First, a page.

Riding the tech wave in a volatile derivatives market
John Omahen | VP, Product Management, Post-trade, FIS
October 12, 2020
One of the side effects of Covid-19 has been a surge in trading volumes as investors around the world seek to mitigate the impact of the economic fallout on their portfolios. This has put unprecedented strain on brokers’ operations, which – unless addressed quickly – risks exacerbating an already highly volatile global economic system.
Nowhere has this been more noticeable than in the derivatives market, where many exchanges have seen volumes spike by as much as 40 percent. This has caused significant challenges for many brokers whose operations are not set up to cope with such demands. The current situation requires them to process extremely high transaction volumes quickly and efficiently, while still complying with local and global regulations.
While undoubtedly challenging, this presents an opportunity for firms to embrace new processes – not only to cope with short-term market conditions but also to re-engineer their businesses for the future.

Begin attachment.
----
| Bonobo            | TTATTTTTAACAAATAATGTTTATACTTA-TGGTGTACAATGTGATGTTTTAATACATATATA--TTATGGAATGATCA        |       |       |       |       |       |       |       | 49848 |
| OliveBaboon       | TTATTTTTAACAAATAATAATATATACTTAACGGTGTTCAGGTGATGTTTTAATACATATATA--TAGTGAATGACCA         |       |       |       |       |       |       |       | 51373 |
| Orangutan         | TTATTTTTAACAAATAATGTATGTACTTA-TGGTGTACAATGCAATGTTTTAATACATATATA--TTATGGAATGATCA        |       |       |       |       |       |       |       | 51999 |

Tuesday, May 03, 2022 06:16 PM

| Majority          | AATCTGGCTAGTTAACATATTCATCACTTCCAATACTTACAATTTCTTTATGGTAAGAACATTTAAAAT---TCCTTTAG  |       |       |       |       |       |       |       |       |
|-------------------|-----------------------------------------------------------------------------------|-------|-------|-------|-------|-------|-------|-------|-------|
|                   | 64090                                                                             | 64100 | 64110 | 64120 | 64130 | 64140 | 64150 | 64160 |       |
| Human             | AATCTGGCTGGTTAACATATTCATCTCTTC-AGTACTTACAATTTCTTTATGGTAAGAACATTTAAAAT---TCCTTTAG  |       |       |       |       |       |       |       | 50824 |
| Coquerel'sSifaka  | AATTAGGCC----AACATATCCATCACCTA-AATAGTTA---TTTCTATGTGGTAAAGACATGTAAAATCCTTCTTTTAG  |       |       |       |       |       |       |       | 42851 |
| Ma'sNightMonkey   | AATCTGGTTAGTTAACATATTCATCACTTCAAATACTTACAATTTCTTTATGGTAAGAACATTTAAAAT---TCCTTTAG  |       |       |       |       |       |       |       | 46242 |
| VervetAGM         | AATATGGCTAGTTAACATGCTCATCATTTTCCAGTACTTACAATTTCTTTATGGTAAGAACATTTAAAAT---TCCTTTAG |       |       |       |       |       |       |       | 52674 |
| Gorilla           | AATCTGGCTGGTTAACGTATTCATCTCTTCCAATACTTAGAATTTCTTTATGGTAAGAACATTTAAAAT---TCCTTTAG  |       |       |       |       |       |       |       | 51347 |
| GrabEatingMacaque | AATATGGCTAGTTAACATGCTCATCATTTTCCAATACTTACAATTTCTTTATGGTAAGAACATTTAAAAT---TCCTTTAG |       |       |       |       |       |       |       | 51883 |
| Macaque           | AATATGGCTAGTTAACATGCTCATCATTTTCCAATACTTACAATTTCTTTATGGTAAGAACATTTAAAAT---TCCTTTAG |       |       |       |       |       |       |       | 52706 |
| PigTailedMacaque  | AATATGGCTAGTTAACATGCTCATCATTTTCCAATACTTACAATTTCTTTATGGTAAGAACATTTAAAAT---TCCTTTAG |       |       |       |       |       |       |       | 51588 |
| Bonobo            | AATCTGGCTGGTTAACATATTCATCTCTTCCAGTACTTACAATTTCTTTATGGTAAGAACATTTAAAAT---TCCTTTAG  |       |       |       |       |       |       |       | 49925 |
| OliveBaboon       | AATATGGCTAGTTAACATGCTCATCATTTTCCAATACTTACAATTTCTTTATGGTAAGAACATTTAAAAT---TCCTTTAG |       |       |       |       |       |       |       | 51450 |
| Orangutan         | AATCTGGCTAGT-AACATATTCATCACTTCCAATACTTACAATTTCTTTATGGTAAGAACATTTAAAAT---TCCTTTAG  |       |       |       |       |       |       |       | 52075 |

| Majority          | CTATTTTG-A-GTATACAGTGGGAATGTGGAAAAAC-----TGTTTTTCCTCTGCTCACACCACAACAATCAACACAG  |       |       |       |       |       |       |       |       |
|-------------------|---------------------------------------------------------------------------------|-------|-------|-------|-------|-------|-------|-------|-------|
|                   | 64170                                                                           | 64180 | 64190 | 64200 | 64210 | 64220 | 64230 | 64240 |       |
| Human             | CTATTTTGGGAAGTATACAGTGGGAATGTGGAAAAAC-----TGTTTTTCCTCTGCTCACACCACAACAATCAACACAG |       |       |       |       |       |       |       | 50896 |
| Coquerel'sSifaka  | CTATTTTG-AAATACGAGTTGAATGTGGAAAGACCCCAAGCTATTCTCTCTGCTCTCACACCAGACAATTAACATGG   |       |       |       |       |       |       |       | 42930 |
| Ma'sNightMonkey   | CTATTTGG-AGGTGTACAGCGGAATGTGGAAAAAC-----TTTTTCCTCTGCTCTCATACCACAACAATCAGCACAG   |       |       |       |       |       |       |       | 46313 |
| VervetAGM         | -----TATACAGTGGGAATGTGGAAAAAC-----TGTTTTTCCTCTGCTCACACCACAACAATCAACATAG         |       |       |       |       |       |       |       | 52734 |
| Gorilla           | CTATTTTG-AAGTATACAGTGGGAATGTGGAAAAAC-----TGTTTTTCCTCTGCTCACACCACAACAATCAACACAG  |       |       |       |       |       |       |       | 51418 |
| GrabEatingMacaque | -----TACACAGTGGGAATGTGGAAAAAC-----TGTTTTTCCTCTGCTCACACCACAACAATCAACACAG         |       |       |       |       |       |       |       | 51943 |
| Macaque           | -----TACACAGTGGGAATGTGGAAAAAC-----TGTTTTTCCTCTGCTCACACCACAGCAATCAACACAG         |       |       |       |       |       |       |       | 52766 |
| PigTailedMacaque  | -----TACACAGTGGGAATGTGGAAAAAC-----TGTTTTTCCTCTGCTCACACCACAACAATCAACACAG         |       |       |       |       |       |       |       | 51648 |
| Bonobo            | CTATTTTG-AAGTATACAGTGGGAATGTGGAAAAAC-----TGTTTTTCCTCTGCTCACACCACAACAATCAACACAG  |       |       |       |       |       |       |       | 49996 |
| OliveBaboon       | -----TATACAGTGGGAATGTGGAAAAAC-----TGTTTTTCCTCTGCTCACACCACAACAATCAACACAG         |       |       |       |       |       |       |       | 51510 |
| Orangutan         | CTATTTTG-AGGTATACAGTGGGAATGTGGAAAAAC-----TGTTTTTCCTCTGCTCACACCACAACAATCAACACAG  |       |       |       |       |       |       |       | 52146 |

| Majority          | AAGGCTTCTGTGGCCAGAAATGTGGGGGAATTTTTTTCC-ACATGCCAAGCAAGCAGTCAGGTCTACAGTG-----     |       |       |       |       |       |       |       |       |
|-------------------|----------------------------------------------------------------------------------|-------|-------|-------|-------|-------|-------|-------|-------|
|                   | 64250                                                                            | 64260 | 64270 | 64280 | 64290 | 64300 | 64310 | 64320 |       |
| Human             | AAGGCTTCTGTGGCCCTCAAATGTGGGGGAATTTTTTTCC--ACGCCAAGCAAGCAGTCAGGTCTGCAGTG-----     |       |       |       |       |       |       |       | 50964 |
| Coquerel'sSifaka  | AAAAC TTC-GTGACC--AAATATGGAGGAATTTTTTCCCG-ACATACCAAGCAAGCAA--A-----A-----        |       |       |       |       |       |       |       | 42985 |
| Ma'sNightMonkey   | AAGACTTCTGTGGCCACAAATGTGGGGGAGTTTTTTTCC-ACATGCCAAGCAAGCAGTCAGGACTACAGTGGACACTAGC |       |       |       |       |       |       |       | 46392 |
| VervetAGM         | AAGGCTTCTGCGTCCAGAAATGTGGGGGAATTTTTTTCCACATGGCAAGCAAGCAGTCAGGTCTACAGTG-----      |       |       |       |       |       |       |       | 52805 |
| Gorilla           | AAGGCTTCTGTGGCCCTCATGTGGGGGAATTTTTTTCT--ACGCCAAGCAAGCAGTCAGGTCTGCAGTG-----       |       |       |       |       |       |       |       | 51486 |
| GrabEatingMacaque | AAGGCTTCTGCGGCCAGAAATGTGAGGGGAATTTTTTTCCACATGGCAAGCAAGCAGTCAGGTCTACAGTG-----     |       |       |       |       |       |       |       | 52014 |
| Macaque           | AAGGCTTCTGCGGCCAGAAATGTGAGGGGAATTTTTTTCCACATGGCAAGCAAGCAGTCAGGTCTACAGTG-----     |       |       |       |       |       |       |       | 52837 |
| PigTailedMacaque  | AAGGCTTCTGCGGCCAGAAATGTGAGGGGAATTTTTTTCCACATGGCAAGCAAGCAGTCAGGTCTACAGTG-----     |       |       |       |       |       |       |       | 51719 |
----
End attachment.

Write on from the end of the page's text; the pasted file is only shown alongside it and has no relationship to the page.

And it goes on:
Middle and back office
The middle and back offices often experience strain resulting from data management challenges, weak infrastructure, and process and execution bottlenecks. Though the middle and back offices hold the greatest risks, they also have the highest potential for improvement. Significant benefits such as process efficiencies and cost savings can be yielded if firms automate as many manual processes as they can.
Applying robotics and rules-based engines to automate tasks that are handled manually is essential to increasing efficiency throughout the middle and back office. Intelligent reconciliations, self-correcting data processing, integration with static data sources, modern APIs and new business analytics can all be deployed to achieve this.
Specifically, investments in automating order processing and trade allocation will significantly reduce risk while also freeing up valuable resources, so that staff can focus on solving more pressing and challenging issues.